Updated: Mar 10, 2021
The history of women’s rugby began at the University of Colorado and Colorado State in 1971, with the first women's collegiate national championship awarded 20 years later in 1991 to the United States Air Force Academy. While women’s rugby quickly spread across the nation, it was and remains very attached to colleges and universities. Below we give a shout out to some of the oldest and most notable college programs (one criteria for selection was the program had to be in existence for at least 10 years). This is by no means scientific and we’d love your thoughts on the university teams you believe deserve our thanks.
University of Colorado v. Colorado State University and United States Air Force Academy
1-2: University of Colorado and Colorado State: 2021 is the 50th anniversary of the first women’s rugby teams in the U.S. While the first match was not played until 1972, the University of Colorado and Colorado State launched women’s rugby as we know it. This year every player, coach, and referee should face west and salute the brave women who refused the offer to play Powder Puff rugby and opted for the ‘full contact monty’. They are the real mothers of dragons.
3: Florida State University: Founded in 1974, FSU was competitive out of the gate. Playing touchline to touchline, FSU produced teams far superior to the competition, dominating women’s rugby for over 20 years. Not surprisingly, they produced some of the biggest stars of the women’s game, most notably Kathy Flores, Patty Jervey, and Candi Orsini. Consider that six of the 1991 World Cup players played for FSU.
4. Penn State University: What FSU did for women’s rugby in the first 20 years, PSU did for the early 2000’s and mid 2000’s. PSU didn’t appear upon the women’s scene until 1991 but they soon set the bar for dominant play. They have been in the final four every year since 1993, won their first DI National Title in 1997, and have since reeled off 11 more wins. Under the leadership of Pete Steinberg, PSU created the first ‘varsity’ club model and helped usher in a new era for women’s collegiate rugby. PSU produced a number of legendary players and coaches including Kim Magrini, Kate Daley, Sadie Anderson, and Gabby Cantorna.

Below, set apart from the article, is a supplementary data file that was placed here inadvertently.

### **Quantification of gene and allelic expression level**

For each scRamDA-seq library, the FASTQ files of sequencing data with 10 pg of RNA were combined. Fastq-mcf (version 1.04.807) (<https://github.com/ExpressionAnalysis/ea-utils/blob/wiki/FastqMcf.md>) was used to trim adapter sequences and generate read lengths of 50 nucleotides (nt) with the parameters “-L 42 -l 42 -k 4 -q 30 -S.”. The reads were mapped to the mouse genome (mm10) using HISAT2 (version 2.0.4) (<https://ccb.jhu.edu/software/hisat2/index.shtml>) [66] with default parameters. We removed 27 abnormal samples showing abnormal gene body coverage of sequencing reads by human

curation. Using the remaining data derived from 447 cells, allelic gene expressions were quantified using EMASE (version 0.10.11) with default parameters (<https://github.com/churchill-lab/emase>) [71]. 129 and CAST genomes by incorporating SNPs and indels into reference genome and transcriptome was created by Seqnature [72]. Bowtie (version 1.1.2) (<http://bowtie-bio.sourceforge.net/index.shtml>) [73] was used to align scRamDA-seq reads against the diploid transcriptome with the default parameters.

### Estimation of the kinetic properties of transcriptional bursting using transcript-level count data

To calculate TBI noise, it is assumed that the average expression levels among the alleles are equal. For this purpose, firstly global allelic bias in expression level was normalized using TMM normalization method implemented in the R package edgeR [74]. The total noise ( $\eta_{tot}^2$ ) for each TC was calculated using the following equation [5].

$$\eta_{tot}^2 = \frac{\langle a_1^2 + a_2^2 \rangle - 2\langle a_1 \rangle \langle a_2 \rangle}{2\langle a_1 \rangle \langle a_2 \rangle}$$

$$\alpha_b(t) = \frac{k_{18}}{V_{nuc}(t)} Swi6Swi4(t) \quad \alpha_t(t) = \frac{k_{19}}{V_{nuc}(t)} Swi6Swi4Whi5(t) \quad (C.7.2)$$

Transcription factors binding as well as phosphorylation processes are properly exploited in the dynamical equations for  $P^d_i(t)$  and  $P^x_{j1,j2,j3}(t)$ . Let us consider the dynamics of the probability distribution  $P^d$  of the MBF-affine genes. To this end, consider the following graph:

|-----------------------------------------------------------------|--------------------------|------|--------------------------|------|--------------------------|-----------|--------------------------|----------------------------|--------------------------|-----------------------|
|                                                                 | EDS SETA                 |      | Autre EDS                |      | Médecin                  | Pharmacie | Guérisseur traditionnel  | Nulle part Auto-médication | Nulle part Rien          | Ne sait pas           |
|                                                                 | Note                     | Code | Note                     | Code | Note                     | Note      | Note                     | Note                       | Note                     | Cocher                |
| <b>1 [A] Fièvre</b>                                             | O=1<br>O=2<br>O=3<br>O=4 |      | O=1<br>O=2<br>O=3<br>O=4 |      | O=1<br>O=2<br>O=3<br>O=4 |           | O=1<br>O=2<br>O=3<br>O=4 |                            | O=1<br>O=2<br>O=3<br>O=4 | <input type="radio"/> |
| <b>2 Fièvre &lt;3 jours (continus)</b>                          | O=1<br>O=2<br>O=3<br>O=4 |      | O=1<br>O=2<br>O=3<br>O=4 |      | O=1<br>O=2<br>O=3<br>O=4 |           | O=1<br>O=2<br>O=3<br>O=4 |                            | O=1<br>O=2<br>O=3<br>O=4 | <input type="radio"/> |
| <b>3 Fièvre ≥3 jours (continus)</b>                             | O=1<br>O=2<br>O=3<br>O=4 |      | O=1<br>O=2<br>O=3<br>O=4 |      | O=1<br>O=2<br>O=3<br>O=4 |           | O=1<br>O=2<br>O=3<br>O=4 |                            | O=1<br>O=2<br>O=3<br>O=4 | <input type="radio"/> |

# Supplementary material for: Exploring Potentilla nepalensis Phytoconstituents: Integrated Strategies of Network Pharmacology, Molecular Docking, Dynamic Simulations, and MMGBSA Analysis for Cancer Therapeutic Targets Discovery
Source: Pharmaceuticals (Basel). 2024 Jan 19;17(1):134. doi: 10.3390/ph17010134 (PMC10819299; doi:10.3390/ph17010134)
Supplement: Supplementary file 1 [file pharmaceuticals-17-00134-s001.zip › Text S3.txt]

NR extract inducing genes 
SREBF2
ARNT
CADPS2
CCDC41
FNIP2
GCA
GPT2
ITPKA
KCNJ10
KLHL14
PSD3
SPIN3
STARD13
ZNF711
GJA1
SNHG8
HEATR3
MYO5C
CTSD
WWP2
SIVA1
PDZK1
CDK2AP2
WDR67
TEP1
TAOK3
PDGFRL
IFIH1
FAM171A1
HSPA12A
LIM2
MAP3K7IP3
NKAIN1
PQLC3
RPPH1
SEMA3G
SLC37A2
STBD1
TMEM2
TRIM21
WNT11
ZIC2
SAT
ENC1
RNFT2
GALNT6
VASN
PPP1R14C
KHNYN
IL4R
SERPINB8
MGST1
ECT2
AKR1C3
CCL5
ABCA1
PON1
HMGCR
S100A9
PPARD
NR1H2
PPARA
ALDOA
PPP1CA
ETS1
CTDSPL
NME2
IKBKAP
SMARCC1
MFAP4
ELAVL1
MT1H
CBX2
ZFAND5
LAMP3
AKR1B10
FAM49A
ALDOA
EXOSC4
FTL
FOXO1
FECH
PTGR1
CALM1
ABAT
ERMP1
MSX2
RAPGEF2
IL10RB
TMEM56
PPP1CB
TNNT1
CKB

5. University of Virginia: Founded in 1976, UVA has been a dominant team for decades. While the UVA women have been denied recognition by the university for years, you’d be hard pressed to find a program more consistently good than UVA. UVA has produced some notable players, coaches, and administrators (Jamie Burke, Roshna Wunderlich, Heather Hale, and Julie Lau) but there is no doubt that the driving force behind their greatness is Nancy Kechner. Her influence on her players and their ripple effect across women’s rugby has been dramatic.
6. UCLA: Founded in 1974, UCLA was an early adopter and dominant force in California rugby. The Bruins started strong - beating the San Francisco WRC in an exhibition game at the prestigious Monterey tournament in 1974 and winning the All-California University tournament in 1976. They remained consistently good until the mid 1990’s. UCLA produced a number of outstanding players including the legendary ‘locks from hell’, the 1991 World Cup tandem of Tam Breckenridge (US HOF) and Tara Flanagan (All World), and Elise Huffer (1991 World Cup). The UCLA team also included Ellen Cunningham, Kathie Morrison, and Anne Fowler, who served as national selectors and administrators. In addition, UCLA coach Franck Boivert (1981-1985) was one of the first coaches of the U.S. Women's National Team.